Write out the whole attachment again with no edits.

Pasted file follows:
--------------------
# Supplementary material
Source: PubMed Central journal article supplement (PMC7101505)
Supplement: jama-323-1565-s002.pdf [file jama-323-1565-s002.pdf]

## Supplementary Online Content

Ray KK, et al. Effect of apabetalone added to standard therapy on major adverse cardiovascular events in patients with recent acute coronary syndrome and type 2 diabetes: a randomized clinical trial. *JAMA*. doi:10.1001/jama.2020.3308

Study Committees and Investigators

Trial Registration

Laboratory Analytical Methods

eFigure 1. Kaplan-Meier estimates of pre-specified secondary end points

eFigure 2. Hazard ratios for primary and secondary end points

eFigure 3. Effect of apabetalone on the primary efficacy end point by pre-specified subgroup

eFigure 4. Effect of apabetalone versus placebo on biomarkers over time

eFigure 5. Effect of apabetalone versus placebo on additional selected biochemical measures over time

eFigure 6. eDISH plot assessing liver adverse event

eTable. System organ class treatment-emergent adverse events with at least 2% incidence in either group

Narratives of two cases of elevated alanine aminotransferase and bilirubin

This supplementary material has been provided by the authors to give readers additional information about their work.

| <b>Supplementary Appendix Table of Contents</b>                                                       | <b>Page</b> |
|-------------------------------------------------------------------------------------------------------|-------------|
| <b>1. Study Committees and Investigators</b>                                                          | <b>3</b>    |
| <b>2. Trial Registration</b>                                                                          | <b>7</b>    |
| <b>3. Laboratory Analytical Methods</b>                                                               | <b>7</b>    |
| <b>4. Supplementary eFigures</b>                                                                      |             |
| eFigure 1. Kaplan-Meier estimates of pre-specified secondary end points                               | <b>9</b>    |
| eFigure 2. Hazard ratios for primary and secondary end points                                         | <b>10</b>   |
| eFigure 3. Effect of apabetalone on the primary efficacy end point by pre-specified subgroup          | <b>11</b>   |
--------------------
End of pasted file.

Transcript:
# Supplementary material
Source: PubMed Central journal article supplement (PMC7101505)
Supplement: jama-323-1565-s002.pdf [file jama-323-1565-s002.pdf]

## Supplementary Online Content

Ray KK, et al. Effect of apabetalone added to standard therapy on major adverse cardiovascular events in patients with recent acute coronary syndrome and type 2 diabetes: a randomized clinical trial. *JAMA*. doi:10.1001/jama.2020.3308

Study Committees and Investigators

Trial Registration

Laboratory Analytical Methods

eFigure 1. Kaplan-Meier estimates of pre-specified secondary end points

eFigure 2. Hazard ratios for primary and secondary end points

eFigure 3. Effect of apabetalone on the primary efficacy end point by pre-specified subgroup

eFigure 4. Effect of apabetalone versus placebo on biomarkers over time

eFigure 5. Effect of apabetalone versus placebo on additional selected biochemical measures over time

eFigure 6. eDISH plot assessing liver adverse event

eTable. System organ class treatment-emergent adverse events with at least 2% incidence in either group

Narratives of two cases of elevated alanine aminotransferase and bilirubin

This supplementary material has been provided by the authors to give readers additional information about their work.

| <b>Supplementary Appendix Table of Contents</b>                                                       | <b>Page</b> |
|-------------------------------------------------------------------------------------------------------|-------------|
| <b>1. Study Committees and Investigators</b>                                                          | <b>3</b>    |
| <b>2. Trial Registration</b>                                                                          | <b>7</b>    |
| <b>3. Laboratory Analytical Methods</b>                                                               | <b>7</b>    |
| <b>4. Supplementary eFigures</b>                                                                      |             |
| eFigure 1. Kaplan-Meier estimates of pre-specified secondary end points                               | <b>9</b>    |
| eFigure 2. Hazard ratios for primary and secondary end points                                         | <b>10</b>   |
| eFigure 3. Effect of apabetalone on the primary efficacy end point by pre-specified subgroup          | <b>11</b>   |